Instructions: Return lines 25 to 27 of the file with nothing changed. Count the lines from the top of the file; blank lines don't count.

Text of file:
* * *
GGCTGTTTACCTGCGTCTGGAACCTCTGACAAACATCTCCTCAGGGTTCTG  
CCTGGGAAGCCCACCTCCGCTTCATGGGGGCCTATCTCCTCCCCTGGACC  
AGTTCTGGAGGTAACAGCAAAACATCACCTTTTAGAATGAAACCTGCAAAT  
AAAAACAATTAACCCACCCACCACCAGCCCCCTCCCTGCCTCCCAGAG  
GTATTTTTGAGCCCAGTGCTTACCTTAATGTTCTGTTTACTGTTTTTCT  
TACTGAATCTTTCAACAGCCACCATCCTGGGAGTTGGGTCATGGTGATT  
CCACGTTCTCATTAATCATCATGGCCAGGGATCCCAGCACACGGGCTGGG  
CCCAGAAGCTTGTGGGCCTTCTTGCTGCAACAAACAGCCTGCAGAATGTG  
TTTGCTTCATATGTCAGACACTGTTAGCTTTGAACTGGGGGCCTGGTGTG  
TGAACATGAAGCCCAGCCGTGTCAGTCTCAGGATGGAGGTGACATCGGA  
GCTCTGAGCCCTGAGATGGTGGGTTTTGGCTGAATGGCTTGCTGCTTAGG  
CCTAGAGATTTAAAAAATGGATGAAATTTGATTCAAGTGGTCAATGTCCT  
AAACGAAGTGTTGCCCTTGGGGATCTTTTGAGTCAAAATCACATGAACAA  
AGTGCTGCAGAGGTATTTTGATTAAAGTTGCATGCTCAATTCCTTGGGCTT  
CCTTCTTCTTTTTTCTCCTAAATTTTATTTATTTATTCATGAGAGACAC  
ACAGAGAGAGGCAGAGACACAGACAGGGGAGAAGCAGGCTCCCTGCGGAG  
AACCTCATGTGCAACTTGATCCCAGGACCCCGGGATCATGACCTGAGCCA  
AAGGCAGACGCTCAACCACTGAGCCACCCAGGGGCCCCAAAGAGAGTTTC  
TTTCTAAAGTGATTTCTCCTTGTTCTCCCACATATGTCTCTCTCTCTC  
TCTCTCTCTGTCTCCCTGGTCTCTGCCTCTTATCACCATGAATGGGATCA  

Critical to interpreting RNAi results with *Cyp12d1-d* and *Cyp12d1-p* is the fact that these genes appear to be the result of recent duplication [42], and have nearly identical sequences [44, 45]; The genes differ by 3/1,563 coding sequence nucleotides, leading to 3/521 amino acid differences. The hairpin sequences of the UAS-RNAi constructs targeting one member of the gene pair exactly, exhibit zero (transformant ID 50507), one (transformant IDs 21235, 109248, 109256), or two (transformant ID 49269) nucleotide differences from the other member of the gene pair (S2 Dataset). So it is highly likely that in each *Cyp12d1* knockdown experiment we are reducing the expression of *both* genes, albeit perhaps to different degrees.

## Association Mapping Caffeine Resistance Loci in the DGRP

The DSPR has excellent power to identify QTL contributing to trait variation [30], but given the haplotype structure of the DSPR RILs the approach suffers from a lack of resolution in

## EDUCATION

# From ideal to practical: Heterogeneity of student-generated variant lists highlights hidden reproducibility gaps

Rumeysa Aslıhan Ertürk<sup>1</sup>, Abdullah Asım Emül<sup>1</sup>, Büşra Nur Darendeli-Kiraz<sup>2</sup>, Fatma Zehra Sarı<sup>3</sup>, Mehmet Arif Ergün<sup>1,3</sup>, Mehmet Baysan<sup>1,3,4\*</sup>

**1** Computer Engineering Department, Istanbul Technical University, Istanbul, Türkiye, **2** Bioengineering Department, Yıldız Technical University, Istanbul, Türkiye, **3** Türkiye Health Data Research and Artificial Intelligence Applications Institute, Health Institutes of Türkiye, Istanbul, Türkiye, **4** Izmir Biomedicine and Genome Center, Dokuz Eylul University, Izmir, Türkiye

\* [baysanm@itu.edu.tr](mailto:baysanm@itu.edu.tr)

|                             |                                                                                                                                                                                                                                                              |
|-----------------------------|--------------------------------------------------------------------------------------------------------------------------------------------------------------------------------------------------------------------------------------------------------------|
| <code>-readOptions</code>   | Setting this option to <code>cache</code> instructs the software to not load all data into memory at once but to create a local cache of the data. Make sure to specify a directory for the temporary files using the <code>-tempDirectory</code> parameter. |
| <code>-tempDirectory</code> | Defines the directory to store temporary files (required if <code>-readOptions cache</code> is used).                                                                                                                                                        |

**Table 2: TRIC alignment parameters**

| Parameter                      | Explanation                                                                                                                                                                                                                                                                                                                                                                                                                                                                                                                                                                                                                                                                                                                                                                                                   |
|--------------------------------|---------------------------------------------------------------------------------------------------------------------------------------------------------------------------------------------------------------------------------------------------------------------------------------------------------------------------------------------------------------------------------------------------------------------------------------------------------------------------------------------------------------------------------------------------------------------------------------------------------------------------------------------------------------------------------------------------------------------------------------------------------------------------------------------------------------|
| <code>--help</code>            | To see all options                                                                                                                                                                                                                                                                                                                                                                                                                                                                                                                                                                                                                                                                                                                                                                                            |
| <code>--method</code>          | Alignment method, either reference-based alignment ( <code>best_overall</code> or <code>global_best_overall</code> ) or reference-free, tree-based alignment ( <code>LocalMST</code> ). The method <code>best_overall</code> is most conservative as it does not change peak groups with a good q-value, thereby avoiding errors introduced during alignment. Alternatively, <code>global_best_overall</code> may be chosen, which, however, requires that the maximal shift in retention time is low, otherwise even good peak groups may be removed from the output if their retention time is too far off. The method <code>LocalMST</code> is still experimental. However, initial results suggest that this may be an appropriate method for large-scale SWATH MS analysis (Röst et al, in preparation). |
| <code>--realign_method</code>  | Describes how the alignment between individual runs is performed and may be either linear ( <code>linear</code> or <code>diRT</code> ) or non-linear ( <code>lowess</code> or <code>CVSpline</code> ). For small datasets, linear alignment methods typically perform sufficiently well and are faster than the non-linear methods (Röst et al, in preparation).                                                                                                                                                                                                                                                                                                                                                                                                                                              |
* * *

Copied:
# From ideal to practical: Heterogeneity of student-generated variant lists highlights hidden reproducibility gaps

Rumeysa Aslıhan Ertürk<sup>1</sup>, Abdullah Asım Emül<sup>1</sup>, Büşra Nur Darendeli-Kiraz<sup>2</sup>, Fatma Zehra Sarı<sup>3</sup>, Mehmet Arif Ergün<sup>1,3</sup>, Mehmet Baysan<sup>1,3,4\*</sup>

**1** Computer Engineering Department, Istanbul Technical University, Istanbul, Türkiye, **2** Bioengineering Department, Yıldız Technical University, Istanbul, Türkiye, **3** Türkiye Health Data Research and Artificial Intelligence Applications Institute, Health Institutes of Türkiye, Istanbul, Türkiye, **4** Izmir Biomedicine and Genome Center, Dokuz Eylul University, Izmir, Türkiye